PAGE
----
Working in harmony

Working in harmony

Any musician will tell you that for the group to sound great, the individuals must perform well—and understand how to complement one another. The same holds true in veterinary practice. Are you playing your part?
Oct 01, 1998

Are you growing?
The key to a great work team is co-workers who show respect for each other, talk through problems when they arise, and work together to achieve common goals. But even the most finely tuned teams hit a flat note on occasion and encounter inefficiency, misunderstandings, hurt feelings, and conflict. No matter the state of your team, you can bring more harmony to your working relationships. Here's how:

Know your part If you're not sure where your job fits into the big picture at your practice, find out. Set aside some time at a staff meeting to review the practice's mission statement, and talk about how daily tasks in the hospital fulfill that mission.

Your job description also can give you insight into how the doctor or manager sees your role. If you don't have a specific job description, consider writing one yourself and then discussing it with your supervisor. Just writing down your responsibilities and work goals can help you focus on what you really need to accomplish from day to day.

Part of understanding your role in the hospital is understanding yourself. For example, think about how you like to work and what you expect from the people you work with. Then communicate that information to your team by setting limits, when necessary.

Setting limits is really just defining and protecting your comfort boundaries. In other words, you set limits to keep others from invading your physical and psychological space and making you feel uncomfortable. In extreme cases, not setting limits can leave you feeling exploited and angry—sexual harassment is one dramatic example. When setting limits, remember that you need to be clear about defining your boundaries, be consistent in your requests, and follow through when people don't respect your limits.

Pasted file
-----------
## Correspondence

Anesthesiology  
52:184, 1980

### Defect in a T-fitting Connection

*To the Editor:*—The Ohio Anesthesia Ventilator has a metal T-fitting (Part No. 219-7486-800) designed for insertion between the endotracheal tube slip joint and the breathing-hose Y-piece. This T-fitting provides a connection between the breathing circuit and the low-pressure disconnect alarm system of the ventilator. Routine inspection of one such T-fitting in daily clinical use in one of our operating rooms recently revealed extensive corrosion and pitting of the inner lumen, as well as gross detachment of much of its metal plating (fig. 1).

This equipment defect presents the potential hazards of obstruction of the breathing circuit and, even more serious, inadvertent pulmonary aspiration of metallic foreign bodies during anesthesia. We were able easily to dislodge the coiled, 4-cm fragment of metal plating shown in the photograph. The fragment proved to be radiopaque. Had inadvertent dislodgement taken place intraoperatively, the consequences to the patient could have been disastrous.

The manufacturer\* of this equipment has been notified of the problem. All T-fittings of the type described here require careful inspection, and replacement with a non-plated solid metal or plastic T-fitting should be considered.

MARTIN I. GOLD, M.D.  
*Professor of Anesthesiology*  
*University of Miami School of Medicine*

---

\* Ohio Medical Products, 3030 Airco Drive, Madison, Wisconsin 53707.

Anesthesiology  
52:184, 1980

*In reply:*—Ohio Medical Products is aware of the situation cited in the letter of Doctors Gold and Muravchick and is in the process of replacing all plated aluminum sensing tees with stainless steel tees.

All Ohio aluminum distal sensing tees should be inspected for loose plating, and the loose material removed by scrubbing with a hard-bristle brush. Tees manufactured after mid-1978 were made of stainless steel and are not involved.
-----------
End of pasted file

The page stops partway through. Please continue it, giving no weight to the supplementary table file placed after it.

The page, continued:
Think about clarity this way: Practice policies are a type of limit. However, when a specific situation arises, you may realize you don't know exactly what the policies mean. For example, suppose you're responsible for keeping the surgical suite clean. What does "clean" mean? One person might interpret the job to mean culturing the surgery table at regular intervals. Another might think that if there's no visible dirt, it's clean.

Whether you're setting a practice policy or a limit on sharing your office supplies, stick to it. All the clear explanations in the world won't help if you muddy the message by responding inconsistently when people step over the line.

Remember, inconsistency creates variable reinforcement, which is the most effective way to establish an unwanted behavior. Imagine a client whose dog begs for a treat. One day it takes 20 minutes for her to give in, the next day it takes 10 minutes, and the next day it takes 30 minutes. Before long, the dog will beg for hours, because he never knows when it will pay off. And people can be even more persistent than pets, so make sure you follow through by taking action if someone at work violates your boundaries.

What's an example of follow-through? Say one of your team members regularly uses offensive language. Your first steps are to explain to your co-worker that certain words and topics are offensive to you and to ask that she not use such language in your presence. If she persists, tell her that you won't hesitate to talk to the practice manager about the problem if it continues. If the language does continue, follow through by speaking with the manager.

Keep in mind, it's better not to set a limit than to set one you won't enforce. In other words, if push comes to shove, you need to say no, mean it, and act on it.

Support other players By setting limits, you've started identifying ways you want other team members to support you. You also need to help other people in the practice achieve their potential.